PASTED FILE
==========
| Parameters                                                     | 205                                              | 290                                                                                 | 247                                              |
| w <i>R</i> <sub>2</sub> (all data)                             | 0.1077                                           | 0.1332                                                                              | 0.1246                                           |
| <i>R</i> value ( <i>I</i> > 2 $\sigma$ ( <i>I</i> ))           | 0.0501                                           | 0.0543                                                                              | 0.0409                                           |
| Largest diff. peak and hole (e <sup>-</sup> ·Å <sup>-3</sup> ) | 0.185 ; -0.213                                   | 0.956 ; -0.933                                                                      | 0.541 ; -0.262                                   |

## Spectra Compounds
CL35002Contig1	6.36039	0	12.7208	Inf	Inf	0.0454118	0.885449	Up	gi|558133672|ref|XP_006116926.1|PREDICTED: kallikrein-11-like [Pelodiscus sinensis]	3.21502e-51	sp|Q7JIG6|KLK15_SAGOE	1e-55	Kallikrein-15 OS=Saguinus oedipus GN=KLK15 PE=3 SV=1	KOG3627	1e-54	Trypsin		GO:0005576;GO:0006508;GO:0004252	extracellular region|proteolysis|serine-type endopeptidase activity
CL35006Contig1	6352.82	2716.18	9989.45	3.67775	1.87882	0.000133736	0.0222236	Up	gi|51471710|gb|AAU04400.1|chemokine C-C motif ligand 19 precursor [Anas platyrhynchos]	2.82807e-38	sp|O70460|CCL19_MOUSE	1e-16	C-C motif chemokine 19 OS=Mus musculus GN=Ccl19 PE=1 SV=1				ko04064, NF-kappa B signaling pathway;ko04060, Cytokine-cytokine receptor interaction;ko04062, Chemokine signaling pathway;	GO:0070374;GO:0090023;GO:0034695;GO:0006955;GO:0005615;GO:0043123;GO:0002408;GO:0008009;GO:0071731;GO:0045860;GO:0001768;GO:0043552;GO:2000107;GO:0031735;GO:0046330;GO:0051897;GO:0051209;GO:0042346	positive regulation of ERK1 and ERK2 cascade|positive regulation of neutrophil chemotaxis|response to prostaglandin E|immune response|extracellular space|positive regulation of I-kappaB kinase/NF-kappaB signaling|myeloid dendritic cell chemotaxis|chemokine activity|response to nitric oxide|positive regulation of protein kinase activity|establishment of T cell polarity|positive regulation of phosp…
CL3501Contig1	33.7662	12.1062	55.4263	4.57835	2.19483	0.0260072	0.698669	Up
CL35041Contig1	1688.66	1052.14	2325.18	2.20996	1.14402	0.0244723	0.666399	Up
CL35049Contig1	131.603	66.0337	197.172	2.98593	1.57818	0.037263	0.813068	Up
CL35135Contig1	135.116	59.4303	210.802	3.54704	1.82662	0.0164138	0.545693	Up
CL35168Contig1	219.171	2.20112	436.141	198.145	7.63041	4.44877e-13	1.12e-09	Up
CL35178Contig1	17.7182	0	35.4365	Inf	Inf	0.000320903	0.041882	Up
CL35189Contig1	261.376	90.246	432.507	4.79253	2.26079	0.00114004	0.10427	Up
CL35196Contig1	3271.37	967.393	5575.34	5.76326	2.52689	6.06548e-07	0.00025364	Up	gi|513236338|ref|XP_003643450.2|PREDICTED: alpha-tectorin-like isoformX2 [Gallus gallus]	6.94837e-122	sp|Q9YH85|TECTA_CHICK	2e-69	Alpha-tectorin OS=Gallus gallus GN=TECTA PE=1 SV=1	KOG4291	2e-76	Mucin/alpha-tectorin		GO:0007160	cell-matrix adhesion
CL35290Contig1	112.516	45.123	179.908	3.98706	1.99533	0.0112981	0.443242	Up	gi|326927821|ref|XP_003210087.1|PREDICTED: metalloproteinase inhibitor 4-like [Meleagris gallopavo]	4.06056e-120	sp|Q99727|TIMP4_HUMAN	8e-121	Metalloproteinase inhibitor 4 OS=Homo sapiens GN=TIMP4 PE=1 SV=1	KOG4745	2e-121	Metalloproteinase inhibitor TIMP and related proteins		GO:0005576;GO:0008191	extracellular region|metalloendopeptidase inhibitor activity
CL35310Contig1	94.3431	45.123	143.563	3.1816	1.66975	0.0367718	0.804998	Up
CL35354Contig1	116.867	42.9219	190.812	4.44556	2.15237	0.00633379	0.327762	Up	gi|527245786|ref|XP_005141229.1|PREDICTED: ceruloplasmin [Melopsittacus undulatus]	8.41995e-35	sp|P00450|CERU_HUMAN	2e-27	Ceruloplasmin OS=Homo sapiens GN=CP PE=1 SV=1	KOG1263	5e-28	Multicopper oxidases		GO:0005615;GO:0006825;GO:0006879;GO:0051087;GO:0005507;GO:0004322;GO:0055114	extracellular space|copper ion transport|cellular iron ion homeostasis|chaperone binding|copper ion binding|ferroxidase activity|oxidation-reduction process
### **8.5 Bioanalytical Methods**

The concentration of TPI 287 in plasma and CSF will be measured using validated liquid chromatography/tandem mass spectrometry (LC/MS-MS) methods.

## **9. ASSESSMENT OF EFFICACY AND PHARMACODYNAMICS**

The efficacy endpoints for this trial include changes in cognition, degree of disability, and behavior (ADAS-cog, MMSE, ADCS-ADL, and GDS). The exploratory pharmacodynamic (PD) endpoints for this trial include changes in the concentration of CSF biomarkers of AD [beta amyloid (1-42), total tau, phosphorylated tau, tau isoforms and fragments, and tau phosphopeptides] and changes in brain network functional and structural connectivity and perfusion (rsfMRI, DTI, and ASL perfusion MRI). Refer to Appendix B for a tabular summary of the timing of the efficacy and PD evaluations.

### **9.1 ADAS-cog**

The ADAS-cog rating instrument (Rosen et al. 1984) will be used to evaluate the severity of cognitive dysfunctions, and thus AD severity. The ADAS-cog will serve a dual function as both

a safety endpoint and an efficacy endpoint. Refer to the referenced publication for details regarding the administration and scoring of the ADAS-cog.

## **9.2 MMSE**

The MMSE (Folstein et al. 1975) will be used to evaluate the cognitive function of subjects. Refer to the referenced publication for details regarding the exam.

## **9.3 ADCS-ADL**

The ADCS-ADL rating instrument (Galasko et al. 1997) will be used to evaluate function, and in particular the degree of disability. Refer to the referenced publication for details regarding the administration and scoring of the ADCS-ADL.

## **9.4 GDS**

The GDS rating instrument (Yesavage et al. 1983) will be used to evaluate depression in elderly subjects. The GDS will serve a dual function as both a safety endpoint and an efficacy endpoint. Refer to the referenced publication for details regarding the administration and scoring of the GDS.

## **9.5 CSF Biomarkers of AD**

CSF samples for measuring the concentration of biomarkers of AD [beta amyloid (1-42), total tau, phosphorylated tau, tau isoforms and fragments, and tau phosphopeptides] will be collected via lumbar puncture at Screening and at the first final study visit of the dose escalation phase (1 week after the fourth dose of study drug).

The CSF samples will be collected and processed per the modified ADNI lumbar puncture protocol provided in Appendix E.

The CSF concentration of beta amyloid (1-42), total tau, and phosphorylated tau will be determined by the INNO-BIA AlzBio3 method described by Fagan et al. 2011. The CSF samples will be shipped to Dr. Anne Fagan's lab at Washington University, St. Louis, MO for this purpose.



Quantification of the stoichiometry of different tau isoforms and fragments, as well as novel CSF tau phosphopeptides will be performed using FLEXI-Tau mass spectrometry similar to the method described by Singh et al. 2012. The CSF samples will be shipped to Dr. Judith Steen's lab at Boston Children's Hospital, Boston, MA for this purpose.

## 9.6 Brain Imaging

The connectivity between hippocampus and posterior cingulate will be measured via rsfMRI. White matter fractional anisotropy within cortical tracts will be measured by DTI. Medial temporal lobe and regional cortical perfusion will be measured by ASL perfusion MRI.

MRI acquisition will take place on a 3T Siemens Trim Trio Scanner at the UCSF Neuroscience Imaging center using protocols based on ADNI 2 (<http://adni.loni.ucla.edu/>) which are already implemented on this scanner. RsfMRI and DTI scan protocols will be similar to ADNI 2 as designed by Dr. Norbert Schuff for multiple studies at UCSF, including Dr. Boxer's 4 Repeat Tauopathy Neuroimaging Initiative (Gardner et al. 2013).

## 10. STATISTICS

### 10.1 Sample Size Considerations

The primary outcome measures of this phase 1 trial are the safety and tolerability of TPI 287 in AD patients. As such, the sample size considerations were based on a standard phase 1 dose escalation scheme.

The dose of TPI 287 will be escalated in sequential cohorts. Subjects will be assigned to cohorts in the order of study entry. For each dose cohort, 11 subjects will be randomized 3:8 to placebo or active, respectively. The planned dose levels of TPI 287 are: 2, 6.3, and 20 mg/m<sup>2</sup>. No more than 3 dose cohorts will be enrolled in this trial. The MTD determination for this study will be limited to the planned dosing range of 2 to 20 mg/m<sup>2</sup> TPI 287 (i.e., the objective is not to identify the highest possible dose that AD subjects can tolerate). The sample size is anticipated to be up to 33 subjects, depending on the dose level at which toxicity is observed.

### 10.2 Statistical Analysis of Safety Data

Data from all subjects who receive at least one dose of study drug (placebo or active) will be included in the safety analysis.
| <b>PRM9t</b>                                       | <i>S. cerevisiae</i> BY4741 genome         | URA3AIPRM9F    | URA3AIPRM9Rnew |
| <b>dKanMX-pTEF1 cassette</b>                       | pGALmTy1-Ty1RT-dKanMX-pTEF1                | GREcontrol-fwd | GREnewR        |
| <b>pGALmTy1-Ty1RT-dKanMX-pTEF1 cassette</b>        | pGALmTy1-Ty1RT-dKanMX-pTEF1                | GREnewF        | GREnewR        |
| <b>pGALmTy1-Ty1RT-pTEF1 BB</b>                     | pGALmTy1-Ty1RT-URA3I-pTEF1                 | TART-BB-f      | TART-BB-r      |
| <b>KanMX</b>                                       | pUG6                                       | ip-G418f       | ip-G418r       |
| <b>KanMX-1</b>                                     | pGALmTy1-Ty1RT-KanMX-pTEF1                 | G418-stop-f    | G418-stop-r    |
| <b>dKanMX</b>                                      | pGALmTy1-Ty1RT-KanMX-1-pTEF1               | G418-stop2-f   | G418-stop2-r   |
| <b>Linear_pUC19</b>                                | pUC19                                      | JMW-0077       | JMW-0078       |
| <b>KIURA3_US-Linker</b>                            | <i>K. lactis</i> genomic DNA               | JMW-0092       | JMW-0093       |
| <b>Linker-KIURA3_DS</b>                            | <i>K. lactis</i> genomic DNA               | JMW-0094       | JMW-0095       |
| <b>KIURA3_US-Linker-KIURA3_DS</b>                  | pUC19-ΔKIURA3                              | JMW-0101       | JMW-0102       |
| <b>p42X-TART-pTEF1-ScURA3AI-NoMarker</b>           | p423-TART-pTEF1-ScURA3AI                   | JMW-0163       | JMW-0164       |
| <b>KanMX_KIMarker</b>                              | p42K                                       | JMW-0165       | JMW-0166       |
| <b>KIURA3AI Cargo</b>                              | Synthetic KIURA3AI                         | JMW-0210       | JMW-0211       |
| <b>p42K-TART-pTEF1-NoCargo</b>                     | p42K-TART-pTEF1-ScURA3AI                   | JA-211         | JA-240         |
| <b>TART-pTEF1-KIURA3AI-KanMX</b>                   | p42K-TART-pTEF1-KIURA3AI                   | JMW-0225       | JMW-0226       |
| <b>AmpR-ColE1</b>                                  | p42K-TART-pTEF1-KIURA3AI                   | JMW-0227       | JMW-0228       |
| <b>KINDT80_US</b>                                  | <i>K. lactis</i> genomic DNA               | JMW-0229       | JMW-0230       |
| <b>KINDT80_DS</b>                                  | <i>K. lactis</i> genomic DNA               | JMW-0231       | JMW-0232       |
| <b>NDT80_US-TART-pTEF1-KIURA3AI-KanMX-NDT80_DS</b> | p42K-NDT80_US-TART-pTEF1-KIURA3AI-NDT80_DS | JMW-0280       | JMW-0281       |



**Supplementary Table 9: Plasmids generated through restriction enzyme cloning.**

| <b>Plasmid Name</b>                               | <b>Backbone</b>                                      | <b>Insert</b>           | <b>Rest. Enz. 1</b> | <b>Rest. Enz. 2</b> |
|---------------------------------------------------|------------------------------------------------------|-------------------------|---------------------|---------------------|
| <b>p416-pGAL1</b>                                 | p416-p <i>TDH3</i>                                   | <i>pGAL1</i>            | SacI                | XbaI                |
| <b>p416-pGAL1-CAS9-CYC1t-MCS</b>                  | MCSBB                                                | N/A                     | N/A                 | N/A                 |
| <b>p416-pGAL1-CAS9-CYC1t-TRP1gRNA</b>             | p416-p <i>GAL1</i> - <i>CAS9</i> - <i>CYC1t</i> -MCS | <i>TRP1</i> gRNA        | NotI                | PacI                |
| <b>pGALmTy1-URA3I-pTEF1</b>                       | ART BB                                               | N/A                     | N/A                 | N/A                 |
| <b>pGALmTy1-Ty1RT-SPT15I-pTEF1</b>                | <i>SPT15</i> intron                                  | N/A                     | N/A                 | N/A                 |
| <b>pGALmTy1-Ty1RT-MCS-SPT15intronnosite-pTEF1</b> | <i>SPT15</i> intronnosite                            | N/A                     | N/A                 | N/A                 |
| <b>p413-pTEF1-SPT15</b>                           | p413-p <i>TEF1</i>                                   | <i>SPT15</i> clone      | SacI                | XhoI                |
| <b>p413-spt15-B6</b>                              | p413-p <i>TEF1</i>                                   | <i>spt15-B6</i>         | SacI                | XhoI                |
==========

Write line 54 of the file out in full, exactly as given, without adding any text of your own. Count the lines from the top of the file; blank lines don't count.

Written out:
| <b>KIURA3_US-Linker</b>                            | <i>K. lactis</i> genomic DNA               | JMW-0092       | JMW-0093       |